Former Intuit and PayPal CEO Bill Harris launched his latest company, Personal Finance, last September. Today, he is launching the Personal Capital iPad app. In the video above, he gives a demo of the app.

Personal Capital is like Mint for your finances. It shows you a picture of all your financial accounts, from banks to brokerages, and helps you get a handle on your total financial portfolio. It takes all of your financial details and boils them up into simple charts displaying your asset allocation across all your accounts. The iPad app is filled with interactive charts that you can swipe and drill down into. It even includes ways to visualize how much your stock options are worth.

“It is more and more clear that most American households financially are out of control,” says Harris. Simply seeing where all your money is across various accounts is the first step to gaining back control. Customers get the data analytics for free, but Harris is betting that a significant portion of them will opt into letting Personal Capital manage some of their money. The company is a registered investment adviser and employs financial advisers who are available by phone or Web. Now, with the iPad app, you can even do Facetime sessions with your adviser.

Since launch, a total of 10,000 people have linked their accounts to Personal Capital, which is now tracking more than $2 billion worth of assets. A small portion of those people have signed up for the paid investment advisory service. Harris is going after affluent Americans who have assets to invest but are below the threshold of most financial advisers or who simply want better data and a digital dashboard for their finances.

The Coolest App At SXSW—Arqball Spin

I just spent five days in Austin at the SXSW Interactive Festival. There were no breakout social apps that took over the conference as in years past (like Twitter, Foursquare, or GroupMe), but there was one app that got almost zero buzz that blew me away. It has nothing to do with proximity-based social networks, photo-sharing, or finding a pedicab to the next SXSW marketing party. No, this is an app that can take real-world objects and turn them into photo-realistic 3D models.

The app is called Arqball Spin (iTunes link), and you can see it in action in the video above. Co-founder Jason Lawrence took my watch, placed it on a platter, then captured the rotating image on his iPhone using the app. In the time it took him to explain the technology—about a minute—he had a full 3D model of my watch that you can pinch, zoom, and rotate. (Check out the 3D model of my watch here, and this one of a spinning egglpant).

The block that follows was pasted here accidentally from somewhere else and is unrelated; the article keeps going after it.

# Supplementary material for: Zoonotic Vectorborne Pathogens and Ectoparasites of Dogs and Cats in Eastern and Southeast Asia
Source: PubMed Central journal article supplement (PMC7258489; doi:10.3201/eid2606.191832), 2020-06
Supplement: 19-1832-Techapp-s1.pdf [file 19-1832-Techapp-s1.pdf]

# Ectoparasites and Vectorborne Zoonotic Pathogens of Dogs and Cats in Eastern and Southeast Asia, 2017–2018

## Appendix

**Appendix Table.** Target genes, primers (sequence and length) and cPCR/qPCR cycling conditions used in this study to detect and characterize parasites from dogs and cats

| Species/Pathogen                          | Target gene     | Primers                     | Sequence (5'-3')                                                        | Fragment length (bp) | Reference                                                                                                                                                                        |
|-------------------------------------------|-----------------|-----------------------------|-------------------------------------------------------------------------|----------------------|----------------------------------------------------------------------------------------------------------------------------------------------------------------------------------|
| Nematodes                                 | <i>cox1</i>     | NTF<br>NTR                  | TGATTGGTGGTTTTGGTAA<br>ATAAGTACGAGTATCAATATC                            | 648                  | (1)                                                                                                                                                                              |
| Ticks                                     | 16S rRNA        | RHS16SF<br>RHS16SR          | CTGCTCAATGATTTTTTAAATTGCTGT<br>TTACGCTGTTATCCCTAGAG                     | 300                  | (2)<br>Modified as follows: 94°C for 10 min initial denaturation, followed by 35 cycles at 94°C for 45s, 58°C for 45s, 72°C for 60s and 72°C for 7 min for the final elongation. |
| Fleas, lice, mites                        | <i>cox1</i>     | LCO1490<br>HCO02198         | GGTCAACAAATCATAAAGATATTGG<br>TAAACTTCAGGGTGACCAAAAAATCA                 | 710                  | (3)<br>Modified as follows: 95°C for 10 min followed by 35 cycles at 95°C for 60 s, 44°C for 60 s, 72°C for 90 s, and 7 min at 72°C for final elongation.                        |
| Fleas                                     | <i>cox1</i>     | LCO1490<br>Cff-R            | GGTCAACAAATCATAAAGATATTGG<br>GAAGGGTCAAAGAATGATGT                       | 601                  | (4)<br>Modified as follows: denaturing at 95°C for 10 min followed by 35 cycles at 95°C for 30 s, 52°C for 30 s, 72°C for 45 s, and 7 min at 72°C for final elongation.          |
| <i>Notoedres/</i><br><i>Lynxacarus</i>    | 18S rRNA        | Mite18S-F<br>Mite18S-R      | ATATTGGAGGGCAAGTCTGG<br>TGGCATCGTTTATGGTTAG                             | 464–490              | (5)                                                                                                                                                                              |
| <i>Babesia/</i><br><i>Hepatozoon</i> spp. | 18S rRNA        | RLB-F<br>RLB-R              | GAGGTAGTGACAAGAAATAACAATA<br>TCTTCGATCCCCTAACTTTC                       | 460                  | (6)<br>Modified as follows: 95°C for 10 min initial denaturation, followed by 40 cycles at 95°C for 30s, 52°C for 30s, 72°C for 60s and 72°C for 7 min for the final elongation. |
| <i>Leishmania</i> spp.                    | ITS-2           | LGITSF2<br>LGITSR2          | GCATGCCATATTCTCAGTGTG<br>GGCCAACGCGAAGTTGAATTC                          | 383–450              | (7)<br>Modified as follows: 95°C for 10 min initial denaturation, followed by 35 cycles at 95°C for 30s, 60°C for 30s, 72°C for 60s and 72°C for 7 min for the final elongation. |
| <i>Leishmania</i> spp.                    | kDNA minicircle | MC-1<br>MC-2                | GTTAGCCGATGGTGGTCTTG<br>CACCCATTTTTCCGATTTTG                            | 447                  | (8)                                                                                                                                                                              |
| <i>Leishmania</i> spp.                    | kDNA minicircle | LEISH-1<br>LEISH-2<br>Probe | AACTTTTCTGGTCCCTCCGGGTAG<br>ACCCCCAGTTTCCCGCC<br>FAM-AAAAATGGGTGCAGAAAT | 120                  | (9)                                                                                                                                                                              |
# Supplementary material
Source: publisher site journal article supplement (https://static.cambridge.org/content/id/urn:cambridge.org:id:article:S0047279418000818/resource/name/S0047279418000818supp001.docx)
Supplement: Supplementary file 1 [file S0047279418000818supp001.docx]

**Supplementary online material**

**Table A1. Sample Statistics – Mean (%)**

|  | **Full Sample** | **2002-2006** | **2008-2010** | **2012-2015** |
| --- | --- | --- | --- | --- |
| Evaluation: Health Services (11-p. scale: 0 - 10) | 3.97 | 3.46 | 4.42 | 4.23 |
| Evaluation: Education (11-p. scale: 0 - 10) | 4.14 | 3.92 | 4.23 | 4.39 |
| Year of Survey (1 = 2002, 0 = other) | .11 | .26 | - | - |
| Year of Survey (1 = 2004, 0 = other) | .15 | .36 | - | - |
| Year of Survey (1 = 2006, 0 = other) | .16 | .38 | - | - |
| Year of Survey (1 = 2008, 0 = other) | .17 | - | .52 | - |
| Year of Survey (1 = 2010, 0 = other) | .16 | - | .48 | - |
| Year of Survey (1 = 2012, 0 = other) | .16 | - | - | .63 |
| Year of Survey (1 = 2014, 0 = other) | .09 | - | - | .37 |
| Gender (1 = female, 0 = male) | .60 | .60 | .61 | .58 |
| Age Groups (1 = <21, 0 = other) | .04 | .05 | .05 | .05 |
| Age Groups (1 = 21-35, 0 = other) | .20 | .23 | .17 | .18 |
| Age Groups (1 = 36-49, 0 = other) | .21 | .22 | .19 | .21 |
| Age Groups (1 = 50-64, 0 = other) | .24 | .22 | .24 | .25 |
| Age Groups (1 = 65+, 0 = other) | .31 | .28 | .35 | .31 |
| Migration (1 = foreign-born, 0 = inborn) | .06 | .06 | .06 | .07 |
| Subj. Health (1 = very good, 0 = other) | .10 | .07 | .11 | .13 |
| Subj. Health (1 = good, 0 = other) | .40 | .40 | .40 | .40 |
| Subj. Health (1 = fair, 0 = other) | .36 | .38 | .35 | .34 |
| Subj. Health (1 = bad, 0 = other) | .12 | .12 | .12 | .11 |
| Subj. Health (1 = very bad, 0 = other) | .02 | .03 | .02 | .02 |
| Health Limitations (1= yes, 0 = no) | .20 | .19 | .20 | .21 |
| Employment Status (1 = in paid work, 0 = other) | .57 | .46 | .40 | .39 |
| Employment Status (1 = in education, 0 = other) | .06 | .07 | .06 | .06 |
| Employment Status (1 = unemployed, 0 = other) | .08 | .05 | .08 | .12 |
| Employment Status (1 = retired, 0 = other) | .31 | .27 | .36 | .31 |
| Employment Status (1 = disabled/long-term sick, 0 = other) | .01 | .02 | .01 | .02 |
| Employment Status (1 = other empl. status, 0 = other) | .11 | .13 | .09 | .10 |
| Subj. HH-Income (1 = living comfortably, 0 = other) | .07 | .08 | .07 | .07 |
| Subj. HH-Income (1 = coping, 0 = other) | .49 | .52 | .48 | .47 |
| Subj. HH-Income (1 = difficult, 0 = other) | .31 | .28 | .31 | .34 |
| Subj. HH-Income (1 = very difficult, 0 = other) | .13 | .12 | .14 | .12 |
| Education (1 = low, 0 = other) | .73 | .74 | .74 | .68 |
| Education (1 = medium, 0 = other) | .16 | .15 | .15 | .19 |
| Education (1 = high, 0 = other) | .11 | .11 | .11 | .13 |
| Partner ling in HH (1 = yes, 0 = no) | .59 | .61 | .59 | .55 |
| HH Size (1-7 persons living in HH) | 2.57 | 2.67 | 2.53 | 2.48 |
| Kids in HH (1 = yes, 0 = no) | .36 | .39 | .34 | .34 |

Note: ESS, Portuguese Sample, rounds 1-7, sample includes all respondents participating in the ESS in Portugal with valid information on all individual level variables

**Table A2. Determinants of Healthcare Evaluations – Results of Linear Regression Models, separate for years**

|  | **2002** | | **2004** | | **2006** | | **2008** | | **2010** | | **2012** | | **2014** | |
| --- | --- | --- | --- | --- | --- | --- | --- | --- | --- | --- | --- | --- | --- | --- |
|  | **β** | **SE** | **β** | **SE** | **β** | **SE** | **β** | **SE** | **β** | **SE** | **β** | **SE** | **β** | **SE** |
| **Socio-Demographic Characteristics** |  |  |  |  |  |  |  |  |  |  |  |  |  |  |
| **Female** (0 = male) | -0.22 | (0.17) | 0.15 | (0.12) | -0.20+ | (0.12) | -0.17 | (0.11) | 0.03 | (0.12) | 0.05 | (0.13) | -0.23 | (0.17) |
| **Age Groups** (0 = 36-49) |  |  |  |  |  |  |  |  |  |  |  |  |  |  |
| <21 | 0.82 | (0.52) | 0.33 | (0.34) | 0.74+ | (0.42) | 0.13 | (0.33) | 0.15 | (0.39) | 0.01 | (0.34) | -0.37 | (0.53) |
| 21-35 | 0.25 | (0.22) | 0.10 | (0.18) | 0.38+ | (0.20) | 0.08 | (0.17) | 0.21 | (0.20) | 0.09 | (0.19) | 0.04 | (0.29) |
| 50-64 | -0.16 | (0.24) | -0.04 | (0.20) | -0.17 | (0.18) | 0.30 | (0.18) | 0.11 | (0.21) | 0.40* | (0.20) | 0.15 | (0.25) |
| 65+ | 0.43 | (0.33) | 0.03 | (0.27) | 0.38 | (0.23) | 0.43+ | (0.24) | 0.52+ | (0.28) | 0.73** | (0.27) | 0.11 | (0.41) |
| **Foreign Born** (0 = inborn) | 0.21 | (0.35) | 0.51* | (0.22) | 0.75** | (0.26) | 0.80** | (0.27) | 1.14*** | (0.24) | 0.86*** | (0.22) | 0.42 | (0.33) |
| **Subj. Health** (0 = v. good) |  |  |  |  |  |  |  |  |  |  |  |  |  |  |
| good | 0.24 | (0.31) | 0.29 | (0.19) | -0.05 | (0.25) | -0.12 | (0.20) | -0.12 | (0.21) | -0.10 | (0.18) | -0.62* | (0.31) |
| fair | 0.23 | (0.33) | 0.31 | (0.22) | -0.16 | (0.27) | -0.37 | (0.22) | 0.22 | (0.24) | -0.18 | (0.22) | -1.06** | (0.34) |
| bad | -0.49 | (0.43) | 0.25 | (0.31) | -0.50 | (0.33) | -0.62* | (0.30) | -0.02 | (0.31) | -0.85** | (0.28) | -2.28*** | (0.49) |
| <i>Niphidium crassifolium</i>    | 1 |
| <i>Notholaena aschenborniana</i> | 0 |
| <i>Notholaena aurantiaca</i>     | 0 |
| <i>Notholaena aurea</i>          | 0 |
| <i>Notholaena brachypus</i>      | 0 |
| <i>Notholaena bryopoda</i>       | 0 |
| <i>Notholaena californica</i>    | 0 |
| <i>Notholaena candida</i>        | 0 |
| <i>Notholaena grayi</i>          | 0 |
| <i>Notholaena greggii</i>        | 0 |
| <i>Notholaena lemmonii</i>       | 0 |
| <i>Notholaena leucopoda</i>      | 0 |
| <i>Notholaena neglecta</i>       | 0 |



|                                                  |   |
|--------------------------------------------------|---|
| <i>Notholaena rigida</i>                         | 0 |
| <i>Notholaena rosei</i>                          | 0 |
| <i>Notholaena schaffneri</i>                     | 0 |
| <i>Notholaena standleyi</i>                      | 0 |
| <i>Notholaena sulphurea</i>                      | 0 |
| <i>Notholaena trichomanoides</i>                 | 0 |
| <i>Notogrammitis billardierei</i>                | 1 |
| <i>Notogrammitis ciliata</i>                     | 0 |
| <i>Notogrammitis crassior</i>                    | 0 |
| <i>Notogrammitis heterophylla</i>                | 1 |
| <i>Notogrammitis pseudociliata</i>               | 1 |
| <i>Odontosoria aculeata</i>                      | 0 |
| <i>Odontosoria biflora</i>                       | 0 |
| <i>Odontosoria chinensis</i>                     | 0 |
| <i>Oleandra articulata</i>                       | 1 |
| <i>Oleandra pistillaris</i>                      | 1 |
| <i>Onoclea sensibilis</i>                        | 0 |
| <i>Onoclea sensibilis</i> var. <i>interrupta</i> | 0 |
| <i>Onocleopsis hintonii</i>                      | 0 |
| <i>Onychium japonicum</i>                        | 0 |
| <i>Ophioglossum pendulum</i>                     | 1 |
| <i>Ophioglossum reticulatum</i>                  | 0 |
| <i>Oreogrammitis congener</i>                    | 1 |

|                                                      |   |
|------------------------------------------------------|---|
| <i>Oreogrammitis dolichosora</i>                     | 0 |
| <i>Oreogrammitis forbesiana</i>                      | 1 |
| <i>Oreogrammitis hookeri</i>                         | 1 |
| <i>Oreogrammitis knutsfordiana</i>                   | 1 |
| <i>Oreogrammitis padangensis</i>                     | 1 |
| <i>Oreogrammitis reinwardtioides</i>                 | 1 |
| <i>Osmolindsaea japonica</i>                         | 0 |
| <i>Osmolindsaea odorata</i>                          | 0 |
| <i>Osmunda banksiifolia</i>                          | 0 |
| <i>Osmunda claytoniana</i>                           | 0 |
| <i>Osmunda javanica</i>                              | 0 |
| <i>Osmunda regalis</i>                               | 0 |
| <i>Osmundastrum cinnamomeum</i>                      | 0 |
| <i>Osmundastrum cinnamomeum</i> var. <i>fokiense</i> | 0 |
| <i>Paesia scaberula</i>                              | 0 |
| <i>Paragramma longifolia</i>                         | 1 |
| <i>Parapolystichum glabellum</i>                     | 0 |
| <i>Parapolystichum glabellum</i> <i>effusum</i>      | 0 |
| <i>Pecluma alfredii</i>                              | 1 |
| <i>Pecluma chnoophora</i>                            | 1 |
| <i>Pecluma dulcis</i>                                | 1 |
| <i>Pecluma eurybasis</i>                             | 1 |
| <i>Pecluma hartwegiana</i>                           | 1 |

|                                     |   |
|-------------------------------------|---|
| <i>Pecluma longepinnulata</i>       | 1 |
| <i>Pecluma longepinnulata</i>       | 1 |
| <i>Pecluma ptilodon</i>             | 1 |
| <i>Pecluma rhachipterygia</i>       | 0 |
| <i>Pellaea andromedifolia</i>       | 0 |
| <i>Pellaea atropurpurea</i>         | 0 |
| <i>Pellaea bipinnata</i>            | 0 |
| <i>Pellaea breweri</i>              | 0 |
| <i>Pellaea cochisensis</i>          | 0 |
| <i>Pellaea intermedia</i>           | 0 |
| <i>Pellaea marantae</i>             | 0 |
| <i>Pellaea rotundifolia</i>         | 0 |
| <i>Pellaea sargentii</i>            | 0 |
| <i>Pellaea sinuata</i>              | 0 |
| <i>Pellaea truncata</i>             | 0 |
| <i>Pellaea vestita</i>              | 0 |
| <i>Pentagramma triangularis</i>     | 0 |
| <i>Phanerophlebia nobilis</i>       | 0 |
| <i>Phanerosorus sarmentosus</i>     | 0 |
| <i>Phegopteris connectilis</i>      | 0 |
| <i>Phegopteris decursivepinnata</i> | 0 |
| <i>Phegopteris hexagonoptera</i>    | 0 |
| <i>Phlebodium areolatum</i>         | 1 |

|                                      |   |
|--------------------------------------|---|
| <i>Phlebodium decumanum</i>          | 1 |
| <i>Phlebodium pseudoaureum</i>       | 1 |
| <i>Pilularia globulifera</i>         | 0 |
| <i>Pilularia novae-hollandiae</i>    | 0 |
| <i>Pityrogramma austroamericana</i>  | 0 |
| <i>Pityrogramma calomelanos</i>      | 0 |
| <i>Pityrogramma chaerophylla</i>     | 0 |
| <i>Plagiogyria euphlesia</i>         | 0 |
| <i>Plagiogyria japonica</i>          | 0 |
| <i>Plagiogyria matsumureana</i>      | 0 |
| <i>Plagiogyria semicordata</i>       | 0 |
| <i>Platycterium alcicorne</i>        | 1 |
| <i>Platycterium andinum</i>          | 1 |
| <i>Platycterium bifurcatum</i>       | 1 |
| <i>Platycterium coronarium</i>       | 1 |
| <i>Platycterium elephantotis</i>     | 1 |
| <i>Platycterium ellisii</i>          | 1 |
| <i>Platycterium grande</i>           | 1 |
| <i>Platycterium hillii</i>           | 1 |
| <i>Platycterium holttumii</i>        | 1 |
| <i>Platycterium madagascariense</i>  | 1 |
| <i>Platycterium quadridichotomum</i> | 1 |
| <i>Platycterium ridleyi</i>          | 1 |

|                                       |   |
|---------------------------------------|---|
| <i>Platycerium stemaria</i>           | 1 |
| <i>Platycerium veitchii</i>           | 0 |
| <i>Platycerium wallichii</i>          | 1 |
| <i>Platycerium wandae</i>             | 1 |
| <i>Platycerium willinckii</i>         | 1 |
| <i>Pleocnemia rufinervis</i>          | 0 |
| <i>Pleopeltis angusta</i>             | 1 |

Arqball uses “computational photography” to create a 3D model of the rotating object placed on the platter, and then stitches images from different angles on top of it. The result is a digital object that looks real and even catches the light the same way my watch did on that platter. Game developers and animation studios create 3D objects like this all the time, but they don’t do it using their iPhones. That is why this is truly disruptive. It brings 3D modeling to the masses. You don’t need bulky 3D scanners or expensive desktop software, all the rendering happens in the cloud after the data is compressed to a 1MB file, and what you end up with is a 3D artifact called a “spin.”

The first application for Arqball Spin isn’t even for gaming or animation. It’s for commerce. Imagine every Etsy and eBay seller showing off their goods in 3D. The virtual item can be embedded on any site via an Arqball player. And it’s all HTML5—no Flash (so it works in iPad and iPhone browsers). This could be especially useful for luxury and highly-crafted items where the design is a key selling point. The drawback to online shopping is not being able to see or touch the product you are buying. Immersive technologies such as Arqball’s could help bridge that gap by giving people the opportunity to digitally manipulate and play with products before they buy.

I can see this becoming very appealing to high-end online retailers like Gilt who already spend a lot of time and money on lovingly photographing every luxury product on sale. Arqball’s platter, which it expects to sell for around $100, can only accommodate small objects not much larger than an Apple right now. But a professional photographer or retailer could build a bigger platter for larger objects. The technology works the same no matter the size of the object, as long as it rotates at a certain RPM.